I was clearing the contents of my webmail when I chanced upon this mail sent by a dear classmate from secondary school, in which he inserted what is apparently the last Calvin and Hobbes comic strip done by Bill Waterson. I am inserting it here; it’s really poignant.

calvin and hobbes

What makes it even more moving is that it was sent to my secondary school class’s yahoogroups mail right at the end of our time together as secondary four students at the school. The mail was sent on 17 October 2002. It summed up our graduation pretty well; it was a defining moment, a departure that marked the end of the halcyon days of our teenage lives as well as the beginning of life in junior college and beyond.

Being at the brink of starting my university life instills my chancing upon this email with even more meaning and infuses me with a greater sense of nostalgia.

Why I am studying Law and Economics
June 26, 2007, 8:45 am
Filed under: diary


School opens in about one month’s time and I guess it would be good to rationally go over and put down in words the reasons why I am pursuing Law and Economics at university. At least it will be interesting to see how my thinking would have changed after I have started studying. I will write about my potential career paths before exploring the reasons why I am studying these subjects.

Currently, I am considering two potential career paths. I will either embark on a career in the legal sector as a lawyer or forge a path in the financial world, preferably in the area of investment management. As of now I have a tendency to prefer a career in the financial sector.

A career in the law offers me the opportunity to exploit my ability with language and analytical thought. It is a challenging career that will develop my thinking and speaking abilities, on top of my interpersonal skills and problem-solving abilities. I have a tendency to be competitive and goal-oriented and hence being a lawyer caters to these instincts. I have an intellectual interest in the nature of morality and the difficulty of pronouncing judgement; being a lawyer will allow me to directly involved in exploring the frontiers of morality.

Delving into the investment management industry appeals to my wide intellectual interests; life in the financial markets involves being able to utilise knowledge from diverse fields ranging from psychology and economics to physics and mathematics. Being able to materialise academic theory in concrete investment strategies is a great pull factor; I will be able to indulge in my interest in epistemology and economics.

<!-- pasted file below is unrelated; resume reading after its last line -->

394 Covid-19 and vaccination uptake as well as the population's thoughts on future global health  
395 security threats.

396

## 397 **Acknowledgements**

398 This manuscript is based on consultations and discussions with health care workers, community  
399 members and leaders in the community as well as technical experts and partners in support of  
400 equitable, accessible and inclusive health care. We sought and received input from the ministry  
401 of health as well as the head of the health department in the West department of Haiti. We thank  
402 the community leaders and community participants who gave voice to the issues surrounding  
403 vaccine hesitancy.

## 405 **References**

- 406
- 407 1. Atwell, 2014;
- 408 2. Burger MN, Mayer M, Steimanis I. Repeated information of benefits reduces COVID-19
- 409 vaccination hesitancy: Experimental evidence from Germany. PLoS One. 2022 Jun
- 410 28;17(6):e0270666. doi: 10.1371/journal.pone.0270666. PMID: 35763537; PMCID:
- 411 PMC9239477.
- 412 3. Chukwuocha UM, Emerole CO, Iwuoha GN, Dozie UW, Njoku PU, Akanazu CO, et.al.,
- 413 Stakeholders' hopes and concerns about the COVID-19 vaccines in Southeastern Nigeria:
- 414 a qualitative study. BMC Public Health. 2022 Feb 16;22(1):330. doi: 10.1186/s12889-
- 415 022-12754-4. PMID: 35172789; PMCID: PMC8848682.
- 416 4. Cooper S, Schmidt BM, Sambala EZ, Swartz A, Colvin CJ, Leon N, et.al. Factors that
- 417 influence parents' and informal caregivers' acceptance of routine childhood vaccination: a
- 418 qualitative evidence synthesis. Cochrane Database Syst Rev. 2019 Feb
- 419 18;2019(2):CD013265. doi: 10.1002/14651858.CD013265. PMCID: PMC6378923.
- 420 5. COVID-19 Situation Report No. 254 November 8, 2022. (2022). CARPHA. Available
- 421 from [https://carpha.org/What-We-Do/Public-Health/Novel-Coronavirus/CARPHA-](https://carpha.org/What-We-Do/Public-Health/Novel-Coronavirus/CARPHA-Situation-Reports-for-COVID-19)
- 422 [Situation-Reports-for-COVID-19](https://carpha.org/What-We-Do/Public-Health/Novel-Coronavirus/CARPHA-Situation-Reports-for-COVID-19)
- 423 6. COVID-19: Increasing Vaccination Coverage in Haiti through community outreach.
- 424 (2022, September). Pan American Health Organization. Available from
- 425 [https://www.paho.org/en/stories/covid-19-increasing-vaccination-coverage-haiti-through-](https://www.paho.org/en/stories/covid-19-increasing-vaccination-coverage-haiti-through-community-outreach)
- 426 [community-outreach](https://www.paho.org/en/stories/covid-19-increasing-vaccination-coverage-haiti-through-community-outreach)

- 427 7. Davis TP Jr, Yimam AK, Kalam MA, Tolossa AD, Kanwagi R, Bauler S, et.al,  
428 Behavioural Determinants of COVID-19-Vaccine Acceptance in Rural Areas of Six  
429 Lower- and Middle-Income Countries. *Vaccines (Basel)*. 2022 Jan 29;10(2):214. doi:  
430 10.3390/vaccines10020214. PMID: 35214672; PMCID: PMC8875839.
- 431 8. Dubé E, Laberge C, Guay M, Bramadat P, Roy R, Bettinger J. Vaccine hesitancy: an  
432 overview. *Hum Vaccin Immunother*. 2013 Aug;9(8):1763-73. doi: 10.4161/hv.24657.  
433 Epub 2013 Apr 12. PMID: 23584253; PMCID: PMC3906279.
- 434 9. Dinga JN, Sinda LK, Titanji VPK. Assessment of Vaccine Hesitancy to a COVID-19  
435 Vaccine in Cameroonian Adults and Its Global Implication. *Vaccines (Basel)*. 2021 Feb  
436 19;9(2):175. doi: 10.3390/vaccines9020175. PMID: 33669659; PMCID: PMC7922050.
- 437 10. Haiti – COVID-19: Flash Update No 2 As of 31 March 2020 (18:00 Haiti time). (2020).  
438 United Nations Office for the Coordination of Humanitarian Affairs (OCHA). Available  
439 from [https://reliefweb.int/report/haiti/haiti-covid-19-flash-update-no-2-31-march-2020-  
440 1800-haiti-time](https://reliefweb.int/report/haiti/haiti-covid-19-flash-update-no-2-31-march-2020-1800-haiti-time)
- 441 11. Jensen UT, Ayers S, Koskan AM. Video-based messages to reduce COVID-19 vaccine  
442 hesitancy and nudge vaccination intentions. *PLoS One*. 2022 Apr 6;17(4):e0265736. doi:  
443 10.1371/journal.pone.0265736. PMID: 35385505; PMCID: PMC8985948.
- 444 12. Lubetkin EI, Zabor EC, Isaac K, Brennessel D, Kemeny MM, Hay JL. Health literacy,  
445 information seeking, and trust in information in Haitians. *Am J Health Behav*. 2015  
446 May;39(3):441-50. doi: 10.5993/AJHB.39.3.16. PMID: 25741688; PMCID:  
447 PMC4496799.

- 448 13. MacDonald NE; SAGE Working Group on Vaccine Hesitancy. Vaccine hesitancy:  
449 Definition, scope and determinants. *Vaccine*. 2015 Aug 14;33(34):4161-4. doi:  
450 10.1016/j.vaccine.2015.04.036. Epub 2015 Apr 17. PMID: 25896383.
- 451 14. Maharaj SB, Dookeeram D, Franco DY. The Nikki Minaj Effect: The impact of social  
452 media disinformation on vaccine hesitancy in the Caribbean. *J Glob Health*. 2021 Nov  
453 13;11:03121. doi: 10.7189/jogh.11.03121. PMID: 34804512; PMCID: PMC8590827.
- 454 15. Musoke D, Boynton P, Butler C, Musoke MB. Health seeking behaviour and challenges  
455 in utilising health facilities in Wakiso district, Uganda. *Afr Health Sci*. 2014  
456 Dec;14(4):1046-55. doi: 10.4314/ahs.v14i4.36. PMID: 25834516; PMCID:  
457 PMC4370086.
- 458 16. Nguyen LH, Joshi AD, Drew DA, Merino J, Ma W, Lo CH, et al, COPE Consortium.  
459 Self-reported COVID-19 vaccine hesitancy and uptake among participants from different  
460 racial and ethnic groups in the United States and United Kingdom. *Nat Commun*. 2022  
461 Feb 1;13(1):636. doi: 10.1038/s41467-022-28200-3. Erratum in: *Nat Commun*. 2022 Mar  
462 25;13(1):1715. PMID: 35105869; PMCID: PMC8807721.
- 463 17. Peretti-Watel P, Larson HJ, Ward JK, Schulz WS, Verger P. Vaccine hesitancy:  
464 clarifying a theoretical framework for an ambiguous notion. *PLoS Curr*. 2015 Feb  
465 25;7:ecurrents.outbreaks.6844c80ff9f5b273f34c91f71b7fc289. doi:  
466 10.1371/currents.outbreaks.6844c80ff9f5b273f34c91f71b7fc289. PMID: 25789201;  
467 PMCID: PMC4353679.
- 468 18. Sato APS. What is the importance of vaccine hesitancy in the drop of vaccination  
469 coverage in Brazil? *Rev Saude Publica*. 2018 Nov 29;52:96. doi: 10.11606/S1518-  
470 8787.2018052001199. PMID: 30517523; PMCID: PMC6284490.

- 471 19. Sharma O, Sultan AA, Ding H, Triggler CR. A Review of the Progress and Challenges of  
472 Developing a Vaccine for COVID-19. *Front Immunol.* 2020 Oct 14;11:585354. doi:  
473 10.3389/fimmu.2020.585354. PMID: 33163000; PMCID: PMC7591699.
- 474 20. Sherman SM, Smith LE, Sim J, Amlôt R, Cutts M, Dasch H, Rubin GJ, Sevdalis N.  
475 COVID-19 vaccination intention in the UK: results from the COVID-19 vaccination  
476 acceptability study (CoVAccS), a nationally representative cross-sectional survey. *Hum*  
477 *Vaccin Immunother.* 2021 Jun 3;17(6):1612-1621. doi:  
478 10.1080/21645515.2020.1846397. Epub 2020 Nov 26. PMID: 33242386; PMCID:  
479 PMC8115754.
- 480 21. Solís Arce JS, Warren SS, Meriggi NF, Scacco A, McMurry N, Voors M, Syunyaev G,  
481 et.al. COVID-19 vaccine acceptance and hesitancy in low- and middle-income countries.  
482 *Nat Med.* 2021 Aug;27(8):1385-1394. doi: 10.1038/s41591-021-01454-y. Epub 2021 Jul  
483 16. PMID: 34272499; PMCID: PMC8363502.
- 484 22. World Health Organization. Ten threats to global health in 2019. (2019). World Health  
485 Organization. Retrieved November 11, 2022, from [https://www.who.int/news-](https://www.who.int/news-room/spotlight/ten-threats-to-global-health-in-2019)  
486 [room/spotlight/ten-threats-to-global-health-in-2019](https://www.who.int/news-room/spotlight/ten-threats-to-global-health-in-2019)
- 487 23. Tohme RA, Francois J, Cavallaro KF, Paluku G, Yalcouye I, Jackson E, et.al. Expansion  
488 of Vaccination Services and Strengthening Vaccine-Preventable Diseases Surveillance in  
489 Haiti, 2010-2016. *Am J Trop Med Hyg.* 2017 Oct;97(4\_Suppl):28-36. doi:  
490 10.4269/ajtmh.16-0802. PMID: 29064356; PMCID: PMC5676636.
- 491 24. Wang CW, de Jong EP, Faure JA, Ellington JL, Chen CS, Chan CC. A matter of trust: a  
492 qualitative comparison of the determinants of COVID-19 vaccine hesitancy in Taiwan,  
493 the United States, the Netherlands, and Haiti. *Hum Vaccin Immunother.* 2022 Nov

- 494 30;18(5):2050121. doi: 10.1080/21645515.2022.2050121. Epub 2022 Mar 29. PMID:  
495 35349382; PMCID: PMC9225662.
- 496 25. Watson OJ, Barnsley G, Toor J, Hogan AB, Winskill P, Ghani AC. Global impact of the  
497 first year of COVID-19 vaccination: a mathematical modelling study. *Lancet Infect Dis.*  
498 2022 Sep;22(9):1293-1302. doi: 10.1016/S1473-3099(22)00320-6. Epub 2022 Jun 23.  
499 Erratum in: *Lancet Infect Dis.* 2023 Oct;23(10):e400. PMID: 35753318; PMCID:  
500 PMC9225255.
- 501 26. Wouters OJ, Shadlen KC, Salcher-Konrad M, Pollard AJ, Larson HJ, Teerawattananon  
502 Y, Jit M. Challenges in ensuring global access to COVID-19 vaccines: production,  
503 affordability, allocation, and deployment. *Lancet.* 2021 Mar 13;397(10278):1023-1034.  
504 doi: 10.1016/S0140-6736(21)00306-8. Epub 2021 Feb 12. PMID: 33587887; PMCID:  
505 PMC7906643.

Why study Law and Economics? Below are the reasons:

  • Knowledge of the law will give me an edge in my asset management career. Knowing the rules that govern financial markets will help me in my job, especially if I become a fund manager or decide to start my own fund management business.
  • Studying law provides good training in analytical thinking and verbal persuasion.
  • Understanding the impact of laws on economic behaviour allows me to formulate a trading strategy with an edge.
  • Law and economics are complimentary subjects that gives me a broader perspective and endows me with a more comprehensive understanding of the world.
  • A law degree is a mark of calibre and ability in the eyes of potential employers. The NUS Law school is an established law school.
  • Studying law is a good hedge against the possibility that I might not want to pursue a career in finance, in which case a career in the legal sector is a great backup plan.
  • Studying economics will provide me with the tools of analysis and thinking philosophies required for me to be a good investment manager.
  • The double degree exposes me to people from two different faculties; I will have a more diverse array of friends.
  • If I am to practise law, I will most probably go into commercial law. An understanding of economics will put me in good stead.
  • The double degree opens up many employment opportunities in many different industries and sectors. I can work for the government, banks, law firms or even international organisations like the United Nations.
  • Studying law allows me to explore philosophical problems, especially that of morality, logic and rationality; studying economics allows me to explore the problems of epistemology and to develop quantitative techniques in economic analysis.